On the supposition that the “if” in the present really refers to a hypothetical future event, and that “when” can be its equivalent, then, because of the preceding, we can see the “subjunctive” mood in both of these situations.


This leads us to consider if there is a similar working of some kind of conditional in other uses of the subjunctive.  We believe this to hold true in at least some cases.


We shall start by considering polite forms of request, and then, go back in time when courtesy was replaced by implicit, if not explicit threat.

The Subjunctive in Spanish:  Real and Implied Imperatives


9.a. Please close the door, in formal Spanish:

9.b.      Por favor, cierre la puerta.


We will leave the Spanish sentence for a while, and concentrate on the English.


Our sentence really is an elliptical construction for:


9.c. If you please, close the door.


In the preceding, the meaning of “please” is “want”.  We could now render the sentence into Spanish with the more polite form, substituting for 1.b:


9.d.      Si quisiera, cierre la puerta, or a shade less politely,

9.e.      Si quiere, cierre la puerta.


We thus can understand the polite forms of the question:


9.f.     ¿Qué quisiera?, or what this author hates to hear:

9.g.    ¿Qué quiere?


To this latter form, this writer tends to retort, in Spanish, that he does not want anything.  It is the questioner who has the want: the need to make a sale, and that sale is subject to conditions of price, quality, and courtesy!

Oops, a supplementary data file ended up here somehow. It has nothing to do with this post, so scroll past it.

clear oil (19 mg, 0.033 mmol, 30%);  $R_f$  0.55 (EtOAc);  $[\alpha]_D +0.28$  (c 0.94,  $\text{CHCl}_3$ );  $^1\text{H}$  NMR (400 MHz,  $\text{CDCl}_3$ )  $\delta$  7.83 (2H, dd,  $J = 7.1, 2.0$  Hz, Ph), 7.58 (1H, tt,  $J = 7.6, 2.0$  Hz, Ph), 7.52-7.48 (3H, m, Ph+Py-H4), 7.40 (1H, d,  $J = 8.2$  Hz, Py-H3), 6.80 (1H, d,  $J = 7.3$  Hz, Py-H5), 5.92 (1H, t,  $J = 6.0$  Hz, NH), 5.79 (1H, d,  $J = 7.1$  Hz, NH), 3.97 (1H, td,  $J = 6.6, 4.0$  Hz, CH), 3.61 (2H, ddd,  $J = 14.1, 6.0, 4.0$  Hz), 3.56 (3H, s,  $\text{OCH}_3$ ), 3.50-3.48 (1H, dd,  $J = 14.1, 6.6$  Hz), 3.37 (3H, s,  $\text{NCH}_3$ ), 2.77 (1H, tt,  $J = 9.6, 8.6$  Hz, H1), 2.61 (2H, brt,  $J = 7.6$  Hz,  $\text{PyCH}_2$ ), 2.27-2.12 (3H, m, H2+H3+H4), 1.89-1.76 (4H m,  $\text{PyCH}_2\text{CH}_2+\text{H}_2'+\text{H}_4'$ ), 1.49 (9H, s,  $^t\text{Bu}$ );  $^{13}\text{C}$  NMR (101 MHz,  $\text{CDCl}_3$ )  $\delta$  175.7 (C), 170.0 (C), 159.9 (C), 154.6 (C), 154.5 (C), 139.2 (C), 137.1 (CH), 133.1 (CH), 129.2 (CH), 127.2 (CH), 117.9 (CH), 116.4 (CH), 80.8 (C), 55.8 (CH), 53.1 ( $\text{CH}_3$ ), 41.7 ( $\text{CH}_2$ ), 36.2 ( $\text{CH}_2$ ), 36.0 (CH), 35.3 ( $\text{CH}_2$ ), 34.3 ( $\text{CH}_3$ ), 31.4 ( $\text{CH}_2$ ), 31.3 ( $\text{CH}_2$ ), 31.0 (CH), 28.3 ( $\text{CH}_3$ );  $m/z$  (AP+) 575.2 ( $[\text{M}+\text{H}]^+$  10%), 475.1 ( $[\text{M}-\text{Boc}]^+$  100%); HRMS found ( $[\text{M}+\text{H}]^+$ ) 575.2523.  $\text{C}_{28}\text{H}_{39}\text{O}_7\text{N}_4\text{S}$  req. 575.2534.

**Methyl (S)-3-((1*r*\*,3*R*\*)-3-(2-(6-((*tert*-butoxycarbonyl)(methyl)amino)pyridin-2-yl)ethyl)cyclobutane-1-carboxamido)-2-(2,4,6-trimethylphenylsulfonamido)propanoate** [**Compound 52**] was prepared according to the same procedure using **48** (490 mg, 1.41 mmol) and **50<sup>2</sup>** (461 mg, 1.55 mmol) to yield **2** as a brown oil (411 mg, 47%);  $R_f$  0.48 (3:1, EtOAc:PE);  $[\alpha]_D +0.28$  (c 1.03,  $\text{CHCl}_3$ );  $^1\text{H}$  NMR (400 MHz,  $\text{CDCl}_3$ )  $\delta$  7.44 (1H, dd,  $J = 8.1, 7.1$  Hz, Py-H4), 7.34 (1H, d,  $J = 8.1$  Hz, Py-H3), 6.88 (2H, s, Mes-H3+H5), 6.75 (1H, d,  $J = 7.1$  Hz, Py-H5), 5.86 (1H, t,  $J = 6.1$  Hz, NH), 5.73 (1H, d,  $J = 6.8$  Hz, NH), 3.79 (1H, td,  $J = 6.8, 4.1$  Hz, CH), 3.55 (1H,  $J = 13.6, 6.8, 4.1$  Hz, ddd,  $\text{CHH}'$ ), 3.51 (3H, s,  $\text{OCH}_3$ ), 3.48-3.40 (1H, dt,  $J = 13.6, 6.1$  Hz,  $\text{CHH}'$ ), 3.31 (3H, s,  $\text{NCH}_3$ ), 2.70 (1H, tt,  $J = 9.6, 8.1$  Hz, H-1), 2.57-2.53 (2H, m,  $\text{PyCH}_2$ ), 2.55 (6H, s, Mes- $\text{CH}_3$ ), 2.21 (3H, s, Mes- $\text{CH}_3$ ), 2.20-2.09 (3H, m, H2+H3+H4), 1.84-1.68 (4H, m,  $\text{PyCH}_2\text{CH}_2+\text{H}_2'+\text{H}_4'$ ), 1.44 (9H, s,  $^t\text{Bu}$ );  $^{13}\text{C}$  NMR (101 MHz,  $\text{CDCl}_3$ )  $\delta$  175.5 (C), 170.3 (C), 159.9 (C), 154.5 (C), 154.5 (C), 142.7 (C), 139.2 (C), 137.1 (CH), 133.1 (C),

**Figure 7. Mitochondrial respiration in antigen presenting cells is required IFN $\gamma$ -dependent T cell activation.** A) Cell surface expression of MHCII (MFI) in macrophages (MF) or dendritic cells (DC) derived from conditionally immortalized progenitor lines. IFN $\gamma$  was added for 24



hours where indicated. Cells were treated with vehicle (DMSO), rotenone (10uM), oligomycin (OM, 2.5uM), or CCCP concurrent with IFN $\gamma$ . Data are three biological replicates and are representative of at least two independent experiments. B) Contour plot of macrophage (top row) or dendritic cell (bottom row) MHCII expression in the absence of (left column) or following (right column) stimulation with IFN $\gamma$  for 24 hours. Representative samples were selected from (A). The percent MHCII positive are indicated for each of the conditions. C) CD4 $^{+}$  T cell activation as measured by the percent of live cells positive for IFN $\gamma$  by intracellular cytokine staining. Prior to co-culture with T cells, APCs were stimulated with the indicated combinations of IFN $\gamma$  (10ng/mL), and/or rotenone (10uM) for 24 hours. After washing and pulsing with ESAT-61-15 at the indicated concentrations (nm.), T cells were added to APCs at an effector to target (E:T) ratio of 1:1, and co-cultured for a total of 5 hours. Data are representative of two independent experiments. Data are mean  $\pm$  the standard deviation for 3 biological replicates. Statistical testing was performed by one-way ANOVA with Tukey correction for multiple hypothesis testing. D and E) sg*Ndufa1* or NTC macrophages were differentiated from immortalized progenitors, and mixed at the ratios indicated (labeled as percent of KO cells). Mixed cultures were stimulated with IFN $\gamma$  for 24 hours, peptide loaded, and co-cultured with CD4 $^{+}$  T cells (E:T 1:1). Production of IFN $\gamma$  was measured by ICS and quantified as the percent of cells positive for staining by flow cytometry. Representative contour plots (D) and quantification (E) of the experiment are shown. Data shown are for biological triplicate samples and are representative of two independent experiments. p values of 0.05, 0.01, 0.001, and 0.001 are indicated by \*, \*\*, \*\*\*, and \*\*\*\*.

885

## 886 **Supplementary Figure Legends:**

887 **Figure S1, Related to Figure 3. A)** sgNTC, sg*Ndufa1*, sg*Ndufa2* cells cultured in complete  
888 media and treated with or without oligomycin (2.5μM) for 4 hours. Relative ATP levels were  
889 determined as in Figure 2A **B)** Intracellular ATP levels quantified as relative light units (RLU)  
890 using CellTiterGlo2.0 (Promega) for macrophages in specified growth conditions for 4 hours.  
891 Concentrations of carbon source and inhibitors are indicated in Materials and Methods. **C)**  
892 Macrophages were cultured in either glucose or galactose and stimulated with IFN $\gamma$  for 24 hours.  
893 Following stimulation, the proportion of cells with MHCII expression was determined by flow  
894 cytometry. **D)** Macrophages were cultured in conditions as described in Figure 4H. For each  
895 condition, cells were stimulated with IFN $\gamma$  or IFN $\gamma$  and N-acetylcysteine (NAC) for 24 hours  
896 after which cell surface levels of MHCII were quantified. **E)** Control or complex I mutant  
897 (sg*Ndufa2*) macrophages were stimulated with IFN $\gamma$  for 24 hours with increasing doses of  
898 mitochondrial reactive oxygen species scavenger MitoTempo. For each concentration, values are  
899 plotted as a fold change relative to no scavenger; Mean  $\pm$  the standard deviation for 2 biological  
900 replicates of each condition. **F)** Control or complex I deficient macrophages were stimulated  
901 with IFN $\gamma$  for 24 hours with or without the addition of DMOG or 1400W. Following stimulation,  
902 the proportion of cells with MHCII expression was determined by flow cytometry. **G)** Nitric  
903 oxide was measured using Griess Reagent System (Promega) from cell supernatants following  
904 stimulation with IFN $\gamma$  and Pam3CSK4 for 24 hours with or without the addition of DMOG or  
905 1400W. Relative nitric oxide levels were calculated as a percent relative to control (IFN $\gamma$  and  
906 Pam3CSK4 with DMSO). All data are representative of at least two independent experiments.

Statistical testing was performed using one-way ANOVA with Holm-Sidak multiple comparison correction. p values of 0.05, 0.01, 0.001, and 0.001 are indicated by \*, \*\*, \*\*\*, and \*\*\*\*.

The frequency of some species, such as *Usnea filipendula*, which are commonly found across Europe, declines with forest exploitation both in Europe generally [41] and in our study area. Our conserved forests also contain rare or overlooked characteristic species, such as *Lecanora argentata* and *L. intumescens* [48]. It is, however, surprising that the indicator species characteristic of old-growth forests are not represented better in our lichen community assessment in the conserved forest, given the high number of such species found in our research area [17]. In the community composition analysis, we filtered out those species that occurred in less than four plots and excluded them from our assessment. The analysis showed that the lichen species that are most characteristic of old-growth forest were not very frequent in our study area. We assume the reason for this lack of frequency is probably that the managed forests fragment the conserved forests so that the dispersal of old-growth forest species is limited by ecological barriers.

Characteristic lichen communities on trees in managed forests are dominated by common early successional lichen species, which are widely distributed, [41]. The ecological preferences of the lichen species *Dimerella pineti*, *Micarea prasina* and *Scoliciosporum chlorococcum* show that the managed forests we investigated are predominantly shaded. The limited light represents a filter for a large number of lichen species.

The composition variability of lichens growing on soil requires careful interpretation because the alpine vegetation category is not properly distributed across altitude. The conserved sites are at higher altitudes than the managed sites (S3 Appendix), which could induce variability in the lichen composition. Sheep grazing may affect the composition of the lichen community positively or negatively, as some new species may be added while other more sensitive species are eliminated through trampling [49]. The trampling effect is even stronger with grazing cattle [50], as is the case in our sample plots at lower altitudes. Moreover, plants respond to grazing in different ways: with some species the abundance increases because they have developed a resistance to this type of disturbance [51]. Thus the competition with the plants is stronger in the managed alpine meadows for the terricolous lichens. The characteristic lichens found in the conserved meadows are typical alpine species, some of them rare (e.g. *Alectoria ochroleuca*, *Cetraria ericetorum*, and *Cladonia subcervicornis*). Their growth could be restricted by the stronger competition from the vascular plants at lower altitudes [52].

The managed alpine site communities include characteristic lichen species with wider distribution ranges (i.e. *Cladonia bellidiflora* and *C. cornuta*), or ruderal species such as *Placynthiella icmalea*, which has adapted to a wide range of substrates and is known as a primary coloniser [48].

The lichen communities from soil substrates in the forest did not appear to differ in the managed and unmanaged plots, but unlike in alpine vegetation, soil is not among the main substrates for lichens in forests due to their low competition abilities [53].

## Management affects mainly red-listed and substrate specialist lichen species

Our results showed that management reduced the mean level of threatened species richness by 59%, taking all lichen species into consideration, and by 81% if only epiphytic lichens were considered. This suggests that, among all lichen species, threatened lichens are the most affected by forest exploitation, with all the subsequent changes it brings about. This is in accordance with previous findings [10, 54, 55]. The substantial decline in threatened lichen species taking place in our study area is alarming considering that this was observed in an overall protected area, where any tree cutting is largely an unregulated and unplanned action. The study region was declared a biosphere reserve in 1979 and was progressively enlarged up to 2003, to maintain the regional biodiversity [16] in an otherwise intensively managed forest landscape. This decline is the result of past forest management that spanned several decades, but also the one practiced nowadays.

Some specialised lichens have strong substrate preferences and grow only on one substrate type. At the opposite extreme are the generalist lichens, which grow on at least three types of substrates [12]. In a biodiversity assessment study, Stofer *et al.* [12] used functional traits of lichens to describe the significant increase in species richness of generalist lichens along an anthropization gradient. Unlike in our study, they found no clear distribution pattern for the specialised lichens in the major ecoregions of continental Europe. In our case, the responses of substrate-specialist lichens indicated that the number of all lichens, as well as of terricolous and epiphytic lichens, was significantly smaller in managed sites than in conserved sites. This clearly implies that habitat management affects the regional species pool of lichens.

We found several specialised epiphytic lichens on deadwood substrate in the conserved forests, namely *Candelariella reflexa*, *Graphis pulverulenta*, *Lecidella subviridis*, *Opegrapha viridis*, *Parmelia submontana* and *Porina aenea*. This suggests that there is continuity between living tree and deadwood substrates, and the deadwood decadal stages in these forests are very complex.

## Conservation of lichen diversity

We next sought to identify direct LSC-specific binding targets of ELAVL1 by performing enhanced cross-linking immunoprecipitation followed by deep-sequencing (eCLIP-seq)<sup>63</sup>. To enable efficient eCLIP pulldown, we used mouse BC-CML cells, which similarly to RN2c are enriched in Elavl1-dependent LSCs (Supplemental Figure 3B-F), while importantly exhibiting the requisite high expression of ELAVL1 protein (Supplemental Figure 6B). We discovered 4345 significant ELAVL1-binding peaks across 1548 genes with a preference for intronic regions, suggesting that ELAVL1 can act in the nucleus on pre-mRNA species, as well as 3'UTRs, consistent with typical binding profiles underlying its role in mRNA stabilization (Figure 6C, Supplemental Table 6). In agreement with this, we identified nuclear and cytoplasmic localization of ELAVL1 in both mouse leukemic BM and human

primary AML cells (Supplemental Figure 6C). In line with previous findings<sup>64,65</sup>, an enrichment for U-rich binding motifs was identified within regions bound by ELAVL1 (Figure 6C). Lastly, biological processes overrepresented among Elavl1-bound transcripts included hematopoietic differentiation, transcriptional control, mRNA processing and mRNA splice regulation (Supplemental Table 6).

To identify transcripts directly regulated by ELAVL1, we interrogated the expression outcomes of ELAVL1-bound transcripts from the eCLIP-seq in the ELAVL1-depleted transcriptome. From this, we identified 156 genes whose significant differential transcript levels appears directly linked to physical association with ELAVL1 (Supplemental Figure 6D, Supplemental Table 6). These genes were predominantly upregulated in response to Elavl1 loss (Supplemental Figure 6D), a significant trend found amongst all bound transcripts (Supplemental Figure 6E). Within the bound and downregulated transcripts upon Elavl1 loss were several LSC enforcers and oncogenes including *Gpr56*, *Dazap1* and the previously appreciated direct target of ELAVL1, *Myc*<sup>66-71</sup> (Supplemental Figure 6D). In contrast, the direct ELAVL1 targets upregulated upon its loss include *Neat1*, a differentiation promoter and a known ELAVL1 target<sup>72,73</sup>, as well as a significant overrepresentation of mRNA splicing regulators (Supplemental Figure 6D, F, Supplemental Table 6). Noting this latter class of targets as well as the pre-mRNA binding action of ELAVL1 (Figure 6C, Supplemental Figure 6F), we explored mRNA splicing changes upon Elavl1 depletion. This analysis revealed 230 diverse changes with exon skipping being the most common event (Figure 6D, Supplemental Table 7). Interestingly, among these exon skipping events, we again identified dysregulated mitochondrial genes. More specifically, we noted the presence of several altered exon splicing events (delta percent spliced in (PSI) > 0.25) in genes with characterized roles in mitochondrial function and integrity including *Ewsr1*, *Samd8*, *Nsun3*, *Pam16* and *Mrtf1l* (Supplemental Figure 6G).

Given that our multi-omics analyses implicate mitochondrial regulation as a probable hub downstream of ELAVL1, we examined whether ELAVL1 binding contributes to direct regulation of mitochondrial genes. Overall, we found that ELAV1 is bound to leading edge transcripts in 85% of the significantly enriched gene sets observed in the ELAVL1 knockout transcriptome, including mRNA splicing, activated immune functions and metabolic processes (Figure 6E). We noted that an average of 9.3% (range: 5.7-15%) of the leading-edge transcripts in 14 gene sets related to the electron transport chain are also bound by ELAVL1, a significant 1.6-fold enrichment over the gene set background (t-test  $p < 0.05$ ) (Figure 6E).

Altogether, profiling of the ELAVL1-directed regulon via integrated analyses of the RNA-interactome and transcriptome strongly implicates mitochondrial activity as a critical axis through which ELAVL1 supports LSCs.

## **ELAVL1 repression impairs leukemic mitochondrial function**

Using mandatory complete sentence structures, our answer to the Spanish question becomes:


9.h. Quisiera que se cierre la puerta, which becomes an equivalent to our sentence 9.b in terms of courtesy, or if we understand the following elliptically,


9.i. Cierre la puerta, which may be comprehended as a reduced form of

9.j. ¡Qué se cierre la puerta!


Understanding the Imperative as a Type of Conditional Sentence


From what has been stated above, it can be seen that any imperative sentence in a language such as French or Spanish is implicitly a type of conditional sentence, that is, one in which the politeness has been removed.  We will now show that the same is true if we skip any pretence of being polite.


Let us go back to the times of savage capitalism (or do these still exist?) or colonial wars (ditto the last question):


  1. a. Work faster!


The implicit idea here becomes:


10.b. If you do not work faster, you will lose your job!